Manifesting Carriers of Duchenne Muscular Dystrophy

Although it is a commonly held belief that carriers merely pass on the disease and are unaffected, female carriers can have similar muscular weakness as affected males and for this reason are termed Manifesting Carriers. This condition can occur with no known family history of DMD so all females who are suspected of having any form of muscular dystrophy should be tested to determine if they could be Manifesting Carriers because of the genetic implications

GENETIC ASPECTS

All females inherit two copies of the X chromosome – one from each parent. Each body cell needs only one functional X chromosome. This is randomly determined, so that all females have a mixture of cells in which the active X is either the maternal or the paternal.

All carriers of DMD have some cells in which the active X carries the defect and problems arising from them will obviously depend on the proportion of such cells and their distribution. There is a theory that a compensatory mechanism could cause the ‘normal’ cells to produce enough dystrophin to make up the deficiency – this has yet to be demonstrated. In very rare cases, when the active X carrying the DMD gene is in the cast majority of muscles cells the female carrier will have DMD as severely as affected males. At the other end of the scale the carrier can be unaffected. It is estimated that at least 10% of carriers may have problems, which can vary from a mild generalized weakness to an inability to walk, depending on how many muscles are affected. The weakness can be asymmetric. There is also growing evidence that the heart muscle can be affected in isolation which may not become apparent until later in life.

CLINICAL FEATURES

There appears to be a very wide variety of symptoms in women. Some of these symptoms appear to be bizarre to the practitioner and may lead to mistakes in diagnosis and many unnecessary investigations.

Although most Manifesting Carriers can function normally when well, any mild illness or set back will appear much exaggerated as they are no longer able to make the effort needed.

There may be:

  • A history of weakness and clumsiness in childhood, (e.g. poor performance at all sports, growing pains, cramp etc.)
  • Proximal weakness in muscles leading to:
    • Exhaustion (TATT)
    • Difficulty getting up and down stairs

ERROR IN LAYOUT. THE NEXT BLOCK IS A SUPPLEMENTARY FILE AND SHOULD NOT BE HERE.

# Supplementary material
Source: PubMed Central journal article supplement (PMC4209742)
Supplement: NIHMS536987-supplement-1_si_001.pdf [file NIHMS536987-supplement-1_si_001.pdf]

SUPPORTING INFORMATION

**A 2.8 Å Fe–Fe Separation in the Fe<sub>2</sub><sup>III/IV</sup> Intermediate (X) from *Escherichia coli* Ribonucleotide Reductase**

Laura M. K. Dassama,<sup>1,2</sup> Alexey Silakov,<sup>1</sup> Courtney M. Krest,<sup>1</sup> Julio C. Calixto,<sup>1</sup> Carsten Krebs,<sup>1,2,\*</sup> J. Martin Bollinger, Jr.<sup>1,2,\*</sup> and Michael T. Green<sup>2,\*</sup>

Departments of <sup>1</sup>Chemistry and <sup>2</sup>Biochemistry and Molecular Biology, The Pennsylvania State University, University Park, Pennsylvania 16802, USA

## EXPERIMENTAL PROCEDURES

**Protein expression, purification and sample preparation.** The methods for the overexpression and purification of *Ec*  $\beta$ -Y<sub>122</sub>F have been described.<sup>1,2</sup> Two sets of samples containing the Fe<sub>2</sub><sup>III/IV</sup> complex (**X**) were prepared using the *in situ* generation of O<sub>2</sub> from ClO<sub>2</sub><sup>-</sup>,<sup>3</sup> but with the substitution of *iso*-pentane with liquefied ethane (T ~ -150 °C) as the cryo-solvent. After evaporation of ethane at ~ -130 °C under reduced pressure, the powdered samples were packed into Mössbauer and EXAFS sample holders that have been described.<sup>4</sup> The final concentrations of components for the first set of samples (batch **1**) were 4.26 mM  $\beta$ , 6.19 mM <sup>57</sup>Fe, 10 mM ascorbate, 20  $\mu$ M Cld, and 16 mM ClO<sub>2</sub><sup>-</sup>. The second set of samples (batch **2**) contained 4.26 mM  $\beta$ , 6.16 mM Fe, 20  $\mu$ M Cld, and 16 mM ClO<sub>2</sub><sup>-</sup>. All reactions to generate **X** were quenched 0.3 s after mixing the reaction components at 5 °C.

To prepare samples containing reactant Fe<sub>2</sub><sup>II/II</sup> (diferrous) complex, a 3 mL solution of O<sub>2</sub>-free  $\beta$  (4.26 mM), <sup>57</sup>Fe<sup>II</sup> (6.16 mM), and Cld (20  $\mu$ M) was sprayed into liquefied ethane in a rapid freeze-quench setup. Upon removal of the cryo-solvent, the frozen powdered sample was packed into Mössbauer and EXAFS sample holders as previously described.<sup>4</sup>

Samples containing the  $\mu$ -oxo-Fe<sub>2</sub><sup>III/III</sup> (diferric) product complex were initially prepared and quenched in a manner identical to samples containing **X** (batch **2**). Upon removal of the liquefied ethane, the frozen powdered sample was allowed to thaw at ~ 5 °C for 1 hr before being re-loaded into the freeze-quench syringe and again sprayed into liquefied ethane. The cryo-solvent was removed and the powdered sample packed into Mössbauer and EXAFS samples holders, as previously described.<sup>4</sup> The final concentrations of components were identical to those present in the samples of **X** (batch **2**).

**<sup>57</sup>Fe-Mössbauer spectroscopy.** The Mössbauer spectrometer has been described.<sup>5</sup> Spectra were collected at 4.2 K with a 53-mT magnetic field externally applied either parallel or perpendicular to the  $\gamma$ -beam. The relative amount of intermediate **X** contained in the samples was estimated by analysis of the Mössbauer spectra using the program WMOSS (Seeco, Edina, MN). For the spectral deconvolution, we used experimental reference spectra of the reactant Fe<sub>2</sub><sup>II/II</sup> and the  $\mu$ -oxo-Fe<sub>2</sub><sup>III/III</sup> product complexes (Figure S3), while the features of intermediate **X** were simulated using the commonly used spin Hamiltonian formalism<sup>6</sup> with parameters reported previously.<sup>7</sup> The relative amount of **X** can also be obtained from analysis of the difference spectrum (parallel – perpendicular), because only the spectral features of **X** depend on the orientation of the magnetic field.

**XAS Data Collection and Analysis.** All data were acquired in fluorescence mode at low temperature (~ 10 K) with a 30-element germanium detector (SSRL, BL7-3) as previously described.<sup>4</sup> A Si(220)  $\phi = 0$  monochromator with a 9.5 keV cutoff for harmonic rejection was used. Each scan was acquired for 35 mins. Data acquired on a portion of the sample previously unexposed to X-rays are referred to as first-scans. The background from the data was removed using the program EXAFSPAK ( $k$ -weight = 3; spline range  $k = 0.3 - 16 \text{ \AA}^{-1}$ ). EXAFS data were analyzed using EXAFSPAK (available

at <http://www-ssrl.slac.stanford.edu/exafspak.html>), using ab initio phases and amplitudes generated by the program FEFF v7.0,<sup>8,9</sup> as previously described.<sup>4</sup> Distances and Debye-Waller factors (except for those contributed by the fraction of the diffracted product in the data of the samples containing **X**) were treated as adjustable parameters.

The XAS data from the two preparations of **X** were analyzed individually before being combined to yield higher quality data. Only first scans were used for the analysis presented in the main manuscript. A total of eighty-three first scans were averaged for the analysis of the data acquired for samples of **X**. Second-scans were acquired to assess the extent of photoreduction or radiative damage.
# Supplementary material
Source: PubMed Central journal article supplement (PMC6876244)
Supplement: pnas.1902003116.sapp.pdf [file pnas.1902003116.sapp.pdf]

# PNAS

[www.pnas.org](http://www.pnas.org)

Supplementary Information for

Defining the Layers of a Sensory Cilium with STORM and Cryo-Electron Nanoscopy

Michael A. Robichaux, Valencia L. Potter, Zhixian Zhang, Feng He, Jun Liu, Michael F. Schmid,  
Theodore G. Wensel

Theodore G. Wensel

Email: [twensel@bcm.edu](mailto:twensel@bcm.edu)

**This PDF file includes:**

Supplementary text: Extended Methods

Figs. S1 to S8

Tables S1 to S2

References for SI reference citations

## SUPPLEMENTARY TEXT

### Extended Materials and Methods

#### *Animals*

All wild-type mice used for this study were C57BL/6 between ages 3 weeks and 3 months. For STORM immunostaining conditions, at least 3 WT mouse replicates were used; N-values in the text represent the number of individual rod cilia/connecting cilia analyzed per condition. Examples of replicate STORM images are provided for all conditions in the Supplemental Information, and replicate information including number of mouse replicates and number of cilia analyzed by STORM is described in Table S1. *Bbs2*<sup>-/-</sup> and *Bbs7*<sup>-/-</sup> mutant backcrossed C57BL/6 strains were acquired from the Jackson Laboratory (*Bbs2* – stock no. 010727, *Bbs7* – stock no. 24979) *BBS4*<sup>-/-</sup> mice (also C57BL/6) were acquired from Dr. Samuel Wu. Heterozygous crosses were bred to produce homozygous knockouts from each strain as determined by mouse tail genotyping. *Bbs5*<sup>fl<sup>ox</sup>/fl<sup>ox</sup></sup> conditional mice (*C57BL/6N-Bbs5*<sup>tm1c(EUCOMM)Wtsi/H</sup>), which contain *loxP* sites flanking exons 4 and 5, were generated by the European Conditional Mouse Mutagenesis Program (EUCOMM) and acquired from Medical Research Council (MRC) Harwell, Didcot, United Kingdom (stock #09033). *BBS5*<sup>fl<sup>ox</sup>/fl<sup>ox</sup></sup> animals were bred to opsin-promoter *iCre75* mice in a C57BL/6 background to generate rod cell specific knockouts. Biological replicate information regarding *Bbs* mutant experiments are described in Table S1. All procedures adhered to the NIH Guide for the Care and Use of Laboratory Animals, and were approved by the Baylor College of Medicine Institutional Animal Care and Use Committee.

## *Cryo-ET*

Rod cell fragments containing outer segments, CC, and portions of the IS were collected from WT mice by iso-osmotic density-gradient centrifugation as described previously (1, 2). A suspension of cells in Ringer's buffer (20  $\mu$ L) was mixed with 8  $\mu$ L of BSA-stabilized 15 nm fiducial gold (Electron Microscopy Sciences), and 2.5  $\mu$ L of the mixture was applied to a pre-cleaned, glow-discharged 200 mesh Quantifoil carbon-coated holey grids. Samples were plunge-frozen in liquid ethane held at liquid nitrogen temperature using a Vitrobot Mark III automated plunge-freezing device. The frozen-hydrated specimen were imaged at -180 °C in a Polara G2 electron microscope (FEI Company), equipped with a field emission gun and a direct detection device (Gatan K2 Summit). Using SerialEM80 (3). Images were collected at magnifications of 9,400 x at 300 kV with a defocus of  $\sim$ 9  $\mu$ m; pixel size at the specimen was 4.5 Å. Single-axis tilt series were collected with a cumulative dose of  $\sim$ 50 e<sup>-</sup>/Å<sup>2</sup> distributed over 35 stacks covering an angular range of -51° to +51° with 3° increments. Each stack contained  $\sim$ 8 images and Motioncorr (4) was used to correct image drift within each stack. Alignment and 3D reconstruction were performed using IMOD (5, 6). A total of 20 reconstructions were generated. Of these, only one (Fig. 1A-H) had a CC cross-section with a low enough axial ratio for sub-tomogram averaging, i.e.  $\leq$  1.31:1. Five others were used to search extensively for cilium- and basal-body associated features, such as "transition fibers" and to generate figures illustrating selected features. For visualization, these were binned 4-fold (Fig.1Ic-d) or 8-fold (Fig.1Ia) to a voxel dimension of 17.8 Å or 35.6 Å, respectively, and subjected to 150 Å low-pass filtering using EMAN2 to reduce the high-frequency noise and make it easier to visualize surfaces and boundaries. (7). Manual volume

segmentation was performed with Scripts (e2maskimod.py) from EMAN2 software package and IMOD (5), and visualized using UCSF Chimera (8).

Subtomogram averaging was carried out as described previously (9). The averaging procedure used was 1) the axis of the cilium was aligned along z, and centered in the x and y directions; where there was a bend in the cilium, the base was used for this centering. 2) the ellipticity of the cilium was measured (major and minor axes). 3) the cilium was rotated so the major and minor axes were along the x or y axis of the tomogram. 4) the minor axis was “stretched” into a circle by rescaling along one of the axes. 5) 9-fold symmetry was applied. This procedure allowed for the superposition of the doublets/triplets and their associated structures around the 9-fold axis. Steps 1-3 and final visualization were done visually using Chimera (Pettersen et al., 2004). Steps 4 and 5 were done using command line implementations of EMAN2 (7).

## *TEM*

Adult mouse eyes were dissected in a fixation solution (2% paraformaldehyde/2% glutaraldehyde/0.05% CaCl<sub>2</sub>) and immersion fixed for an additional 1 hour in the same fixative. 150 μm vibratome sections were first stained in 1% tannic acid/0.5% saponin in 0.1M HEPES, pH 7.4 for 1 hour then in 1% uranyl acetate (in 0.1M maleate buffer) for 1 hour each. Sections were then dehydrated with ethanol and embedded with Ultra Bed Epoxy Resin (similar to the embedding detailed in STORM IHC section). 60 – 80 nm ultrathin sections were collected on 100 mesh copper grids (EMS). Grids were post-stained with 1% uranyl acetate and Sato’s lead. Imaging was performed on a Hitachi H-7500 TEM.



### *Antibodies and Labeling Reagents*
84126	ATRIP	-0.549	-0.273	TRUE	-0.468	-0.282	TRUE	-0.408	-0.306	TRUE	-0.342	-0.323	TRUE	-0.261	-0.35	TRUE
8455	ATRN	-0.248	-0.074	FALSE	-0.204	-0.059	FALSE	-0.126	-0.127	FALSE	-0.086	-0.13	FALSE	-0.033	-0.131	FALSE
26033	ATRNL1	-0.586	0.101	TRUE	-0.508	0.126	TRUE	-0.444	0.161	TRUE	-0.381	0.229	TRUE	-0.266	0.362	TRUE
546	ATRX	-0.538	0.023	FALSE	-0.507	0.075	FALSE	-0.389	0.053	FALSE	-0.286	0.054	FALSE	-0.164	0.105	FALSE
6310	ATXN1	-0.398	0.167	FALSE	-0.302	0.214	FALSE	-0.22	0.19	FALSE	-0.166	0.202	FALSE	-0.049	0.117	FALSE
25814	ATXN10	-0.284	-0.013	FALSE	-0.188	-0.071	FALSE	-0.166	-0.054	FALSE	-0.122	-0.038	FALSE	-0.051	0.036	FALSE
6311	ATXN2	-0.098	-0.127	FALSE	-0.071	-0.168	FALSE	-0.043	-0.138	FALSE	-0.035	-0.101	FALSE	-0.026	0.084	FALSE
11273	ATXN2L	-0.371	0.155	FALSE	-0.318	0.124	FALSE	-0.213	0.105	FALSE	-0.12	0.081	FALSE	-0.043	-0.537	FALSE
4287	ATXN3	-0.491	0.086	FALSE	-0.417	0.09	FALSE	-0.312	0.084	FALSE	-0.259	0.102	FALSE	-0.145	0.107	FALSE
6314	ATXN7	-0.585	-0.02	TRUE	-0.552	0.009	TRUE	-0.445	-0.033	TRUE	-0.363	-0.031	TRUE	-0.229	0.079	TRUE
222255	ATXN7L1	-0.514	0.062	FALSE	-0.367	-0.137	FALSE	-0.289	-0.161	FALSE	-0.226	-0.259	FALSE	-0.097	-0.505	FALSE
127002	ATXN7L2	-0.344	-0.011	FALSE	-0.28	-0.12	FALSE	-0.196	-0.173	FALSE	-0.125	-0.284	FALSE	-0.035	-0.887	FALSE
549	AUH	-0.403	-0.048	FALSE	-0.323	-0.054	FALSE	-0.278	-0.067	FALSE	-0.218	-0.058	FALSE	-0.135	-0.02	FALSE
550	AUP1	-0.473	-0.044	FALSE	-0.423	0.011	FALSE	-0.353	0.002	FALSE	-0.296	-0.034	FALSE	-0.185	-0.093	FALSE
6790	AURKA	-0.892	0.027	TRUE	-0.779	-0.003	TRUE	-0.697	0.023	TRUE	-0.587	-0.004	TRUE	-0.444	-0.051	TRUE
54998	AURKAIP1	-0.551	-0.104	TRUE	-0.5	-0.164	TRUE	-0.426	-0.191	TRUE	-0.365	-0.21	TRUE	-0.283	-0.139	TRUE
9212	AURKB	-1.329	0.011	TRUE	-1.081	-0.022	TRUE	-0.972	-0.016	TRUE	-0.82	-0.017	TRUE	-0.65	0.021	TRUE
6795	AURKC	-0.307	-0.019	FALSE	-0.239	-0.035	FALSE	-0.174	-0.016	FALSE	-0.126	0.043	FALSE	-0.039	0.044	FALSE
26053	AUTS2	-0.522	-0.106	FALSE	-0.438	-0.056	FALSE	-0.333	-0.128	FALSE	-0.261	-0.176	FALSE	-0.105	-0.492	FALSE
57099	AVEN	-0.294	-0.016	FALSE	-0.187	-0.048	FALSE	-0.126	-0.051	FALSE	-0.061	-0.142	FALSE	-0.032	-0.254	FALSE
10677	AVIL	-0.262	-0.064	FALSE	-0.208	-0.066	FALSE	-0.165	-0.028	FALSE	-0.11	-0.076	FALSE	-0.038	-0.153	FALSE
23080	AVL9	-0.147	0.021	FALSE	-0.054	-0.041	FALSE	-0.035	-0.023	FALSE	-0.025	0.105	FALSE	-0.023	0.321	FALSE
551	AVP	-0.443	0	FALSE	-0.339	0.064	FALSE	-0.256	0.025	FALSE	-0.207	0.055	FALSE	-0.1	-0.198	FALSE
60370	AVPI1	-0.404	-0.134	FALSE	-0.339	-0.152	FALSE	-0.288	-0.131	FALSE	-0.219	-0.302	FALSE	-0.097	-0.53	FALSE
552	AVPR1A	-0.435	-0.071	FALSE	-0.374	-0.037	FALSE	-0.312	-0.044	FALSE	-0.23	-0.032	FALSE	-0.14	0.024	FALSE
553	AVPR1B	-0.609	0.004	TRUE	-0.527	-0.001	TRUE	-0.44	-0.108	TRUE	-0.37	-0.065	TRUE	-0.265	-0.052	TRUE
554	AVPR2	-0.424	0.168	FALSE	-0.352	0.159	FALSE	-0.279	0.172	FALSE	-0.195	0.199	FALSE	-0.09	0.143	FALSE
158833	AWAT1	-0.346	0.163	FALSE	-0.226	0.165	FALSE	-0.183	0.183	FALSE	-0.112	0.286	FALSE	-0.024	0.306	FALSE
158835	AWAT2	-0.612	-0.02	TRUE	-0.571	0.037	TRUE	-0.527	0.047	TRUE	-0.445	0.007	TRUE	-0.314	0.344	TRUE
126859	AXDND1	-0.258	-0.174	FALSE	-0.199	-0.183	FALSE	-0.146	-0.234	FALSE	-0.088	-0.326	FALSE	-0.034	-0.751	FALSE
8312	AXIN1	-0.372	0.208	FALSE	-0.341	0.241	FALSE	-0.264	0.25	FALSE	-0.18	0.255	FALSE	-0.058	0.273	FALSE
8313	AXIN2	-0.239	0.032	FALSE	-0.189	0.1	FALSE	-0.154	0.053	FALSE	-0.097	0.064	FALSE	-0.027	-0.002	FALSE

• Difficulty getting up from sitting to standing position
    • Awkward gait
  • Myalgia
  • Unexplained abdominal or chest pain
  • Tachycardia of unknown origin
  • Calf muscles look well developed (e.g. footballers legs) because of so-called pseudohypertrophy

DIAGNOSIS

The condition is under-diagnosed. Because of its rarity, few practitioners have enough experience of Duchenne Muscular Dystrophy and there is no easy screening test for Manifesting Carriers, although Creatine Kinase (CK) is usually raised. Many of the symptoms will tend to be blamed on anxiety and exhaustion in caring for a severely disabled child. Also, by comparison, a mother’s complaints will appear trivial to her, so will no be voluntarily reported.

Ideally all known carriers should be assessed at the time of their child’s diagnosis, which is usually carried out in a muscle clinic, but this is seldom done in the United Kingdom. Investigations should include an ECG and a cardiac assessment and possibly a muscle biopsy.

Others suspected of being Manifesting Carriers are also best assessed at a muscle clinic, where there is expertise to deal with such conditions.

MANAGEMENT

Should be aimed at maintaining optimum health:

  • Help with care of affected child(ren)
  • Physiotherapy – gentle stretching exercises
  • Hydrotherapy
  • Use of heat to relieve aching muscles
  • Analgesia to relieve aching muscles
  • HRT may help the older woman
  • ECG and Cardiac assessment should be repeated at appropriate intervals. Problems should initially be referred back to the muscle clinic

Anaesthetics should be avoided if possible, especially succinylcholine. Anaesthetist should be made aware of patient’s genetic status.

PROGNOSIS

There is no known cure. Degeneration is generally much slower than in affected males and most women remain ambulant. Setbacks can cause a short period of rapid degeneration, which many be followed by partial recovery, as opposed to the more gradual inevitable loss of strength experienced by affected males.